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'[EE]:High Voltage LOW\no Current'
2001\02\21@185342 by Pat Smith

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Looking for a way to produce ~600 volts from a ~9 volt
battery.Is this possible? Any Suggestions?

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2001\02\21@193646 by David Minkler

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Hi,
> Looking for a way to produce ~600 volts from a ~9 volt
> battery.Is this possible? Any Suggestions?
Actually, it's pretty easy.  What are your voltage regulation/current
output/price/size/weight/other constraints?  How many do you plan to
make?
Regards,
Dave

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2001\02\21@204650 by Herbert Graf

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> Looking for a way to produce ~600 volts from a ~9 volt
> battery.Is this possible? Any Suggestions?

       Yes, in fact I have seen circuits that can go way higher than that (even
stun guns use similar systems). The main limitations is how quickly you need
to reach 600V, the quicker you need it the quicker you're going to kill
you're battery. TTYL

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2001\02\21@235621 by Roman Black

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Pat Smith wrote:
>
> Looking for a way to produce ~600 volts from a ~9 volt
> battery.Is this possible? Any Suggestions?

9v batteries hate current. The cells are very small
and only give useful battery life at low currents.

The camera makers have been doing this for years
(cheap flash units) and almost always use one or two
AA or AAA cell.

If you need this small and cheap why not try to
get a used camera flash unit from a garage sale
or something? You can get one quite small and
will only cost a few $. I see them all the time
and no-one ever buys them as they need the
right camera. :o)
-Roman

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2001\02\22@084751 by mike

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On Wed, 21 Feb 2001 15:40:51 -0800, you wrote:

>Looking for a way to produce ~600 volts from a ~9 volt
>battery.Is this possible?
Anything's possible.... given enough time, money and solder.
> Any Suggestions?
All depends on the output current - what's it for?
For low current apps, you might just be able to get this high with a
simple inductor based flyback converter, but inductor selection will
be critical, although probably still off-the-shelf.
If you need it regulated, Maxim's MAX771 can control an external HV
MOSFET - I've used this to get 200V at a few mA in the past. You need
to run the MAX771 itself from a seperate 5V supply.
No problem at all with a transformer-type inductor , but you may need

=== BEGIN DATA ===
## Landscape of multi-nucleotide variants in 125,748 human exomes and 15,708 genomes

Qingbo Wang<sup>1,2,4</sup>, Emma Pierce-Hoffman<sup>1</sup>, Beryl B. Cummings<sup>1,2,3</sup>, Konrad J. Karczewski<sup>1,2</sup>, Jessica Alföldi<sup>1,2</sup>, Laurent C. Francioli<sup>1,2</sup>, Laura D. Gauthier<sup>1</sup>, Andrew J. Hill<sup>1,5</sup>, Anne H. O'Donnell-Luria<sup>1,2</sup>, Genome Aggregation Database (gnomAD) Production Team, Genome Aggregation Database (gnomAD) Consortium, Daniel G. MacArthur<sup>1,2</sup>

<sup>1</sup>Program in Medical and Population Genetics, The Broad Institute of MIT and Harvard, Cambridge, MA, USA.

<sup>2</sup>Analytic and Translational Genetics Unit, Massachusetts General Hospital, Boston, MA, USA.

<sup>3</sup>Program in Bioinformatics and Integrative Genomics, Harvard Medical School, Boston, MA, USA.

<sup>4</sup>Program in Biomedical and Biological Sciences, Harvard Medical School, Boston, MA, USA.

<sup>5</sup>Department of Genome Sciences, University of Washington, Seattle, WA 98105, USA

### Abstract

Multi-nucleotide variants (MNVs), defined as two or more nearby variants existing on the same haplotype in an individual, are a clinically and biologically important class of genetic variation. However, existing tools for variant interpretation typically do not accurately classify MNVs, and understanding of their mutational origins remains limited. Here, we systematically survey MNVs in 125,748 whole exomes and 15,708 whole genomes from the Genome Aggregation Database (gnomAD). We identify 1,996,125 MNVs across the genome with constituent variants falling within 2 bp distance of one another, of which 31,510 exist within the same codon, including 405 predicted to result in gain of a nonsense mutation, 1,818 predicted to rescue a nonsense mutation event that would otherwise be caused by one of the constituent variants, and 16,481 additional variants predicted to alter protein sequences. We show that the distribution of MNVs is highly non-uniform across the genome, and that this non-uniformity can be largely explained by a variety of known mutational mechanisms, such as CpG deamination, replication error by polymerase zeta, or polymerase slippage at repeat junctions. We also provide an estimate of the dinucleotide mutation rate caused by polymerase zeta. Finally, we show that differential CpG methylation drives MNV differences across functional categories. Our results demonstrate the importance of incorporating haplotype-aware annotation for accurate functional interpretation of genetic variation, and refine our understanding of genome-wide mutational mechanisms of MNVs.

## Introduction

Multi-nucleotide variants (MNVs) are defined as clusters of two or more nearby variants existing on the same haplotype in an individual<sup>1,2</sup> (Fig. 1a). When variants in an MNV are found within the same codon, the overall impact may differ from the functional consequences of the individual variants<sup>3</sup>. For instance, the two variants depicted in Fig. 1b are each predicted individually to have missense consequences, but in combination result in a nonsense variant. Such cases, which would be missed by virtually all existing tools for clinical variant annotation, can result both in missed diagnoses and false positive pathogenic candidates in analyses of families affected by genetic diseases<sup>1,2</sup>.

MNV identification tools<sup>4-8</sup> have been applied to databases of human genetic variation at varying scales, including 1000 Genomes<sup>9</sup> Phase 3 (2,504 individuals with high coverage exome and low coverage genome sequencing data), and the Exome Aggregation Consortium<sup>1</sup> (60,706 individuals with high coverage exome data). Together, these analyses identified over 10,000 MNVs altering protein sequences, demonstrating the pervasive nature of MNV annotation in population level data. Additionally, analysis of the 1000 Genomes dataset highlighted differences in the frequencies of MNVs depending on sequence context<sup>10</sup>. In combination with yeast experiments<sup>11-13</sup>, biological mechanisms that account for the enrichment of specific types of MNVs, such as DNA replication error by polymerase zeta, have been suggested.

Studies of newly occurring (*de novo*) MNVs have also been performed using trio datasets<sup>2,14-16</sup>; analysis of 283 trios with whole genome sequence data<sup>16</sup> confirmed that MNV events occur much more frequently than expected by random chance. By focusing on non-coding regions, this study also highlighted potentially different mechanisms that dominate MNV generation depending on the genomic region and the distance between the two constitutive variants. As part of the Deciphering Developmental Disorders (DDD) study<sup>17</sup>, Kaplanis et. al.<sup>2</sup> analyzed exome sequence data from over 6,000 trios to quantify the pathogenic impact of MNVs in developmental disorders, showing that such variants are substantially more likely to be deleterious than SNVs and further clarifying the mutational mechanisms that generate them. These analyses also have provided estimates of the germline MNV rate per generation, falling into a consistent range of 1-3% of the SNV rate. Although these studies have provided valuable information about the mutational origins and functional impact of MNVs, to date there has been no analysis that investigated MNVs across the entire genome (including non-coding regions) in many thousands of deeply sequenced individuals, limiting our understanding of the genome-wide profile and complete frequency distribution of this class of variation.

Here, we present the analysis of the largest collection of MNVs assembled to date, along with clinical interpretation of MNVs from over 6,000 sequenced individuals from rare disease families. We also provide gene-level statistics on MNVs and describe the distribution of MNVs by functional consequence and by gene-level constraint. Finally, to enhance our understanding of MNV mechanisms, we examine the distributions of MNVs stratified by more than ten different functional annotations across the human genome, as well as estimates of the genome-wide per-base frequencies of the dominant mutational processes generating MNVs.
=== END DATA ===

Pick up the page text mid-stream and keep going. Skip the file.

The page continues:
to custom wind the transformer. You may find a suitable off-the-shelf
inductor designed for small xenon flasher applications.

If the current is extremely low (microamps), an EL driver IC driving a
few stages of Cockroft-Walton multiplier may also do the job.

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2001\02\22@091925 by Thomas McGahee

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I get mine for free from those disposable cameras.

Fr. Tom McGahee

----- Original Message -----
From: Roman Black <spam_OUTfastvidTakeThisOuTspamEZY.NET.AU>
To: <.....PICLISTKILLspamspam@spam@MITVMA.MIT.EDU>
Sent: Wednesday, February 21, 2001 11:57 PM
Subject: Re: [EE]:High Voltage LOW\no Current


{Quote hidden}

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2001\02\22@105737 by Thomas McGahee

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part 1 1350 bytes content-type:text/plain; (decoded 7bit)

The attached HV2.GIF file shows a fairly simple circuit.
The exact output voltage depends on loading factor and
the components used, especially the transformer. Mine
used a dinky little pcb mount audio transformer. I
think I got mine from Radio Shack. I have tried several
different transformers, and all have worked, but with
different output voltages.

This design (with minor changes) was used to power
a geiger counter.

The addition of an SCR triggered
second stage allowed me to drive a HV trigger transformer
originally designed for a flash lamp... that circuit
gave me about 14 kV DC out. I used that to power a
night-vision tube.

Fr. Tom McGahee

{Original Message removed}
part 2 10372 bytes content-type:image/GIF; (decode)


part 3 144 bytes
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2001\02\22@134558 by Peter L. Peres

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Build the simple circuit I have posted in the CCFL thread this week.

Peter

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2001\02\23@044659 by Roman Black